Friday, 23 December 2011

Open Eye study visit

I recently attended an OCA study visit to the Open Eye gallery in Liverpool to see exhibitions by Mitch Epstein and Chris Steele-Perkins.

Mitch Epstein: American Power (2003-9) examines how energy is produced and used in the American landscape, exploring the effects of mass consumption and the interaction of nature, government and corporations.

There were eight photos from the American Power series on display at the gallery which may not sound much but they were approximately 4x4.5 feet and extremely detailed.  Some of the pictures were difficult to view because of reflections due to their location in the gallery.  One part of the gallery had a high ceiling which provided a better lighting angle.  Galleries with low ceilings tend to have the lights reflecting in the photos.

Biloxi, Mississippi (2005) shows the result of hurricane Katrina.  Cars overturned and matresses in trees showing the ultimate power of nature that cannot be stopped or reasoned with.  Martha Murphy and Charlie Christian, Mississippi (2005) also shows outcomes from hurricane Katrina with the two people sitting behind remaining posessions.  This picture also brings in to play the power of religion and government symballised by the clear dog tag and cross round the necks of the main charachters.

Martha Murphy and Charlie Christian, Mississippi (2005)

The same 'ultimate power' also exists on other levels; the ultimate power of corporate vs the individual.  If you take Poca high school and Amos coal power plant, West Virginia (2004) you see the town in the shadow of the huge coal power plant, literally in peoples' back gardens.  Epstein discovered this corporate power to his cost on a number of occasions when being moved on by police with the excuse that the power company didn't allow pictures, enforcing corporate law rather than constitutional.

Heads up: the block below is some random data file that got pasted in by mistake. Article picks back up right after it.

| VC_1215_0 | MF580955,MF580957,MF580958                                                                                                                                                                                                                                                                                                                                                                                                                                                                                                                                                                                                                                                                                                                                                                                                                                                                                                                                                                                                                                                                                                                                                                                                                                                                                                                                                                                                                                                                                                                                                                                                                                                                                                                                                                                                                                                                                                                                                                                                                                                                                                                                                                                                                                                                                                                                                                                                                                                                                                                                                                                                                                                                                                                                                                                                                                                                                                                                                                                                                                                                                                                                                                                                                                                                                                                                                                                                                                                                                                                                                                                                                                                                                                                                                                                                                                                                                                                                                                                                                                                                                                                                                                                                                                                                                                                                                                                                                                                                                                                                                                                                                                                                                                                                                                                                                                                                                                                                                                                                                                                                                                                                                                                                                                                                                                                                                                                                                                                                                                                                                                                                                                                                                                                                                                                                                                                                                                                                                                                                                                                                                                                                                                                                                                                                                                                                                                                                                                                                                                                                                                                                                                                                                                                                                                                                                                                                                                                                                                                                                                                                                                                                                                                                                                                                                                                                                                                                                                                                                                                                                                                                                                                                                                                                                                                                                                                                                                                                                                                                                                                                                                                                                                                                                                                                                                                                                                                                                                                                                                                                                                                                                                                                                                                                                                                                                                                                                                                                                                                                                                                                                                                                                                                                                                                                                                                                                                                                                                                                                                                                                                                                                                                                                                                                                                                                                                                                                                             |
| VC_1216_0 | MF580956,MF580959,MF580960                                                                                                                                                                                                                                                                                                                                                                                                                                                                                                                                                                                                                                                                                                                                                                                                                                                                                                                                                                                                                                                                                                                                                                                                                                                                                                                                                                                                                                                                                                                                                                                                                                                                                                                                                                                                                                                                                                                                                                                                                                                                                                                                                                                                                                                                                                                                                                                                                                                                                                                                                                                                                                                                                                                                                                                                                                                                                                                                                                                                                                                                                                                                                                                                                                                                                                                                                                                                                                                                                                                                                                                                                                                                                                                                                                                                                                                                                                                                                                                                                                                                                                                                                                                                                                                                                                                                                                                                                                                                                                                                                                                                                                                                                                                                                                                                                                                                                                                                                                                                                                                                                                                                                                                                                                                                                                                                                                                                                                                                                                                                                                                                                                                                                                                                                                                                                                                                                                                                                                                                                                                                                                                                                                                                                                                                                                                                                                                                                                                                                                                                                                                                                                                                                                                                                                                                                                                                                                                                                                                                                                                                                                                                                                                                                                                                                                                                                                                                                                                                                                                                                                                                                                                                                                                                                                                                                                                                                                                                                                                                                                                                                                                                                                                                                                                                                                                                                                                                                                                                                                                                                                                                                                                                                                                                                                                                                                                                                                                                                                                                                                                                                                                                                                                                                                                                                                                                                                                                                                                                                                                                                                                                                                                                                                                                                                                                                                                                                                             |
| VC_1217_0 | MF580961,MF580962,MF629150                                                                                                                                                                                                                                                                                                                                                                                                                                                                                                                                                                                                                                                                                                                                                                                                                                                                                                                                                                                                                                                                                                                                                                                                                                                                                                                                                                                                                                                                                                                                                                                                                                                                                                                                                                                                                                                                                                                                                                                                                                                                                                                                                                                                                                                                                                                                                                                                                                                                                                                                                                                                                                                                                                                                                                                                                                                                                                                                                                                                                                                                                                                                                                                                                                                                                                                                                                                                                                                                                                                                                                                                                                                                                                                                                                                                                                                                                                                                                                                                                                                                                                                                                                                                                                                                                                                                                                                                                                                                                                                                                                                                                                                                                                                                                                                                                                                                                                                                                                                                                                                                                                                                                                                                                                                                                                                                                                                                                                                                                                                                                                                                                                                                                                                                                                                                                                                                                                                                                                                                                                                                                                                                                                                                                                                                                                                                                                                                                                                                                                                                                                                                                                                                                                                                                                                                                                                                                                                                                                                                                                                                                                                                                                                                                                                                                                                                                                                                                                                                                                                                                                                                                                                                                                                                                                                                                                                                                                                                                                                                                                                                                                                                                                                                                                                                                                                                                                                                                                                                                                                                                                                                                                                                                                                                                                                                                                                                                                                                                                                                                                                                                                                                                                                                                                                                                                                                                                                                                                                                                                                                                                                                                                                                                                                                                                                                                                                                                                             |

Poca high school and Amos coal power plant, West Virginia (2004)

BP Carson refinery, California (2007) pictures the refinery with a US flag draped over one side pointing to the link between oil and politics and the power struggle that goes with it.  Interestingly the power of nature is still underlying in the form of the line of trees bent by the wind reminding us that it has ultimate power.

BP Carson refinery, California (2007)
Chris Steele-Perkins: The pleasure principle, is a portrait of England in the 1980s.  There were a greater number of smaller prints compared to Epstein giving the opportunity to capture a wider spectrum.  Though difficult to view after the impressively large Epstien offerings, Steele-Perkins' images proved to be a bit of a trip down memory lane.  Being in my 20s and living in London in the 80s I can recognise some of the images.  I was very into the indie music scene so the shot of the 'David Sylvian look-a-like' in the night club brings it all back.  The hypnotist at the college ball; they were very popular at one point but what happened to them all?  They're probably helping people quit smoking these days!  He has captured trends that were very much of the 80s and do not seem apparent today.

I found this picture of Margaret Thatcher rather disturbing.  Over time Thatcher has become a characature in my mind (helped in no small part by Spitting Image).  The white face and large mouth in this shot remind me of Jack Nicholson when he played the Joker in the first Batman film!

The pleasure principle is the psychoanalytic concept describing people seeking pleasure and avoiding suffering (pain) in order to satisfy their biological and psychological needs.  It is also the title of a Gary Newman album who is synonymous with the 80s (the album was in fact released in 1979).  Steele-Perkins has caught the element of having a good time (the pleasure principle) but has done so with a certain unsavory tackiness about it.  That said, there is more humour than, say, Martin Parr for example.  The best example of this is probably Blackpool beach; a place that is always going to provide a rich vein of opportunity.

I warmed to the Steele-Perkins images the more time I spent looking at them.  Time that was necessary after looking at Epstein's large and beautifully produced prints.

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